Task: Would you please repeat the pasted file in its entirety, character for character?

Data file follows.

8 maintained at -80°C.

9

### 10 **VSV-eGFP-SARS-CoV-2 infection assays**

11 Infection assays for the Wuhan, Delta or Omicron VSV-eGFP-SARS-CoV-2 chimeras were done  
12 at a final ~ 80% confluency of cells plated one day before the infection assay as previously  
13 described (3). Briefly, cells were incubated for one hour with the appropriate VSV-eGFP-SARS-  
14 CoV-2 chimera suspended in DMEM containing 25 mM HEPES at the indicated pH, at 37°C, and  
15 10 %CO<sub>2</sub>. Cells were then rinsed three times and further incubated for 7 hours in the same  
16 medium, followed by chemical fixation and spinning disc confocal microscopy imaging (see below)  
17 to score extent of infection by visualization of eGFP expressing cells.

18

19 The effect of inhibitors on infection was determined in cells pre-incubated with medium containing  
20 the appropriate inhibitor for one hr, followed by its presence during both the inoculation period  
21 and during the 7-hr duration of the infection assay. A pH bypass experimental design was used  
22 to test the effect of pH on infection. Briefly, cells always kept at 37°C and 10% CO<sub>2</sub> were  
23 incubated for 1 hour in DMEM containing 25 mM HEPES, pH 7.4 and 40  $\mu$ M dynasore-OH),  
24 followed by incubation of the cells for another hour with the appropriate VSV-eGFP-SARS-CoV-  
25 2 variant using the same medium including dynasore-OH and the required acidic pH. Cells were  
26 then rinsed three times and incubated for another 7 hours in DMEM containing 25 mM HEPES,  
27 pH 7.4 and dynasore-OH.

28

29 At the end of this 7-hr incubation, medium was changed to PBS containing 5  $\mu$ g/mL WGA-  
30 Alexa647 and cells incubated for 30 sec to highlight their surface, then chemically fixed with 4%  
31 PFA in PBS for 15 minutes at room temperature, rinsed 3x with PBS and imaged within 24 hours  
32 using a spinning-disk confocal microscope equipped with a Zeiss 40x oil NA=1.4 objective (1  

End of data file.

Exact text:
8 maintained at -80°C.

9

### 10 **VSV-eGFP-SARS-CoV-2 infection assays**

11 Infection assays for the Wuhan, Delta or Omicron VSV-eGFP-SARS-CoV-2 chimeras were done  
12 at a final ~ 80% confluency of cells plated one day before the infection assay as previously  
13 described (3). Briefly, cells were incubated for one hour with the appropriate VSV-eGFP-SARS-  
14 CoV-2 chimera suspended in DMEM containing 25 mM HEPES at the indicated pH, at 37°C, and  
15 10 %CO<sub>2</sub>. Cells were then rinsed three times and further incubated for 7 hours in the same  
16 medium, followed by chemical fixation and spinning disc confocal microscopy imaging (see below)  
17 to score extent of infection by visualization of eGFP expressing cells.

18

19 The effect of inhibitors on infection was determined in cells pre-incubated with medium containing  
20 the appropriate inhibitor for one hr, followed by its presence during both the inoculation period  
21 and during the 7-hr duration of the infection assay. A pH bypass experimental design was used  
22 to test the effect of pH on infection. Briefly, cells always kept at 37°C and 10% CO<sub>2</sub> were  
23 incubated for 1 hour in DMEM containing 25 mM HEPES, pH 7.4 and 40  $\mu$ M dynasore-OH),  
24 followed by incubation of the cells for another hour with the appropriate VSV-eGFP-SARS-CoV-  
25 2 variant using the same medium including dynasore-OH and the required acidic pH. Cells were  
26 then rinsed three times and incubated for another 7 hours in DMEM containing 25 mM HEPES,  
27 pH 7.4 and dynasore-OH.

28

29 At the end of this 7-hr incubation, medium was changed to PBS containing 5  $\mu$ g/mL WGA-  
30 Alexa647 and cells incubated for 30 sec to highlight their surface, then chemically fixed with 4%  
31 PFA in PBS for 15 minutes at room temperature, rinsed 3x with PBS and imaged within 24 hours  
32 using a spinning-disk confocal microscope equipped with a Zeiss 40x oil NA=1.4 objective (1  